It is fairly common to lose the outer 4 inches of the circumference of a round bale stored directly on the ground. If the bale is 5 feet in diameter, the loss is 25 percent, which is the equivalent of one bale lost for every four. With this amount of loss, a producer pays for a hay barn whether he wants to or not.

Another factor that influences forage quality is to avoid cutting hay when significant rainfall of greater than a half-inch is expected during curing time. Rainfall on hay during curing reduces intake and digestibility. The loss amount depends on the forage species and when rainfall occurs during curing.

Allow cut forage to dry to the proper moisture content before baling. For round and big square bales, it is 15 percent – and 18 percent for small square bales. Microbes in moist hay generate heat, which can result in combustion. Heat also causes a decrease in usable protein.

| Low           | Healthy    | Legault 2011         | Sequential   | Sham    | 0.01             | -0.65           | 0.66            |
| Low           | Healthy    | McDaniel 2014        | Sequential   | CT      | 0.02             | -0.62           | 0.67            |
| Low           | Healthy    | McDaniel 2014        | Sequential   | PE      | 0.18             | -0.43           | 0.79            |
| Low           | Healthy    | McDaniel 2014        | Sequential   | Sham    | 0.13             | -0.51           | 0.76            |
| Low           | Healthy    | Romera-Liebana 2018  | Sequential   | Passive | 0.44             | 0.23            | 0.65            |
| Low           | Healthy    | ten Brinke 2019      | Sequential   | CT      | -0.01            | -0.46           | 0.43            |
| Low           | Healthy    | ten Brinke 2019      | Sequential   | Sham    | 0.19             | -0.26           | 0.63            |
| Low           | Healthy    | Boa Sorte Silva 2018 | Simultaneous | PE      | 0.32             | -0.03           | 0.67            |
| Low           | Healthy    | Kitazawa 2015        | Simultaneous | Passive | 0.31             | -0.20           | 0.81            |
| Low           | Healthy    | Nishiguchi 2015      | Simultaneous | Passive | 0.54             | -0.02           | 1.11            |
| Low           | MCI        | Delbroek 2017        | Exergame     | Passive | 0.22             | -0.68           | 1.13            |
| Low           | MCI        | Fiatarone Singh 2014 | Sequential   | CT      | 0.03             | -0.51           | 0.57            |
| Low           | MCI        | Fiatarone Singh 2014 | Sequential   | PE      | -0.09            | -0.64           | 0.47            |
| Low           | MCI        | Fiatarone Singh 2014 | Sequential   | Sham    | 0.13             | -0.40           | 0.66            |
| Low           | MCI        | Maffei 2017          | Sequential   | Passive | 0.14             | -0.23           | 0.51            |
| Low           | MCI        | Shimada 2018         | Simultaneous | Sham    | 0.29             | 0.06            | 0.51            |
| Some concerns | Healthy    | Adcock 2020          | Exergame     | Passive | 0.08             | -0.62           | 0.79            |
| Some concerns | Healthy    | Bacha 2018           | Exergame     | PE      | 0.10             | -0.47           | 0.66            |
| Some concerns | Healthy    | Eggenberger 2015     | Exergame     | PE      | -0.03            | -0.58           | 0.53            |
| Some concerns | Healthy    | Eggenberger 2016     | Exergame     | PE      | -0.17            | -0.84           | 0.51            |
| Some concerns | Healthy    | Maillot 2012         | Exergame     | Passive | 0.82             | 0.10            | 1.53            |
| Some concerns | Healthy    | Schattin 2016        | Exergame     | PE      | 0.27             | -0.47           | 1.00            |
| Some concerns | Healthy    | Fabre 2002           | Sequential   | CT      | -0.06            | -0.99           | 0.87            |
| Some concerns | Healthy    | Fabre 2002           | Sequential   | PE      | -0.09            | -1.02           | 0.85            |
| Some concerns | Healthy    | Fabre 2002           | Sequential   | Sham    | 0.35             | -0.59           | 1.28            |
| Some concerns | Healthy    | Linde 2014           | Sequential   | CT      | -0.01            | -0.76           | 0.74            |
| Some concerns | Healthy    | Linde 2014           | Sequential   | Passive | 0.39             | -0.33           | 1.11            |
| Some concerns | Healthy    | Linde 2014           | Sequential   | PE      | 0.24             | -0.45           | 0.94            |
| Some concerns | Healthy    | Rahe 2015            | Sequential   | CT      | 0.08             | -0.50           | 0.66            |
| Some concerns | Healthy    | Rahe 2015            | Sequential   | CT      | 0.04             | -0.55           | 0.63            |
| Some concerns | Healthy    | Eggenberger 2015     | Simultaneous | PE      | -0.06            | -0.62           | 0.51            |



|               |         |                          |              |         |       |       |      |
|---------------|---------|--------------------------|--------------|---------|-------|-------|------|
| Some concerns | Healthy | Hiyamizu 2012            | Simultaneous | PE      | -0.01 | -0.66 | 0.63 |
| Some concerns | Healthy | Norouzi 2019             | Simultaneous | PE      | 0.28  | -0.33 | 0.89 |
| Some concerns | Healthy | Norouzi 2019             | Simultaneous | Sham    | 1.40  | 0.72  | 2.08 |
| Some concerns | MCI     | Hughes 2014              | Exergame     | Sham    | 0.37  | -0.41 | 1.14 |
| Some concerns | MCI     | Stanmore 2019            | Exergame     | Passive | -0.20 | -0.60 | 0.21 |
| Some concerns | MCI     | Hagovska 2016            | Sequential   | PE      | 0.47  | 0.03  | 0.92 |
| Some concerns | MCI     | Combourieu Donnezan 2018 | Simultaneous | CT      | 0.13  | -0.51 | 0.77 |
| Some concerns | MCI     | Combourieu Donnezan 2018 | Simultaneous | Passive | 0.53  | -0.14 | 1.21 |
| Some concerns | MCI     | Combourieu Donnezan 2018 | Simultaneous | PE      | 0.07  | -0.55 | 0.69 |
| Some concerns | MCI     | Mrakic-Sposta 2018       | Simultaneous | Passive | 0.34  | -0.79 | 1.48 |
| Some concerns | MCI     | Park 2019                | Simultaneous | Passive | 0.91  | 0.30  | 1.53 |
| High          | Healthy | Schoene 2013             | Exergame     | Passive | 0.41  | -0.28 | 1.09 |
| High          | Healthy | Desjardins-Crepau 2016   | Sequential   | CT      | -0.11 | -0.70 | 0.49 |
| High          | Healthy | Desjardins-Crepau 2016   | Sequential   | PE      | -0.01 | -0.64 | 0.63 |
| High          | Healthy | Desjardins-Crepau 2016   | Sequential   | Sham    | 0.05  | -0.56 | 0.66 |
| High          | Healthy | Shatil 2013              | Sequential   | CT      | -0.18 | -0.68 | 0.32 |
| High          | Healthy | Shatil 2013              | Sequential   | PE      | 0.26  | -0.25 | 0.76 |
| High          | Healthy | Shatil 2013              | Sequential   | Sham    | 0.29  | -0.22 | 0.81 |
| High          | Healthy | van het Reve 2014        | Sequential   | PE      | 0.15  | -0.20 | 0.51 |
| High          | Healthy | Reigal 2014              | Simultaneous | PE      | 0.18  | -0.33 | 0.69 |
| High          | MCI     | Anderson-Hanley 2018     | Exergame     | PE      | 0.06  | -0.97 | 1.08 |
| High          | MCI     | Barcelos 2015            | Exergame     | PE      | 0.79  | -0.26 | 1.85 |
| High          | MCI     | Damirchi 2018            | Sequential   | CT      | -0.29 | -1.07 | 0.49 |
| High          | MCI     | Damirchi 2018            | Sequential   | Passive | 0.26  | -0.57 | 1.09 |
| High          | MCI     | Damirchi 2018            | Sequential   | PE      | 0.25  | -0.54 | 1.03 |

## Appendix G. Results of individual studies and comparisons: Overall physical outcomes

Fertilizing forage according to soil test results raises the crude protein content but has little effect on TDN. Applying too much nitrogen fertilizer can cause nitrate poisoning in cattle, especially with bermudagrass.

Hancock closed his presentation with the statement, “Grass grows grass,” meaning whether grazing or cutting hay, it is important to leave some leaf material on the plants. Leaves are necessary for capturing sunlight to use in manufacturing nutrients necessary for plant regrowth.  end mark

PHOTO: Round bales out in the field. Photo by Robert Fears.

Robert Fears is a freelance writer based in Georgetown, Texas. Email Robert Fears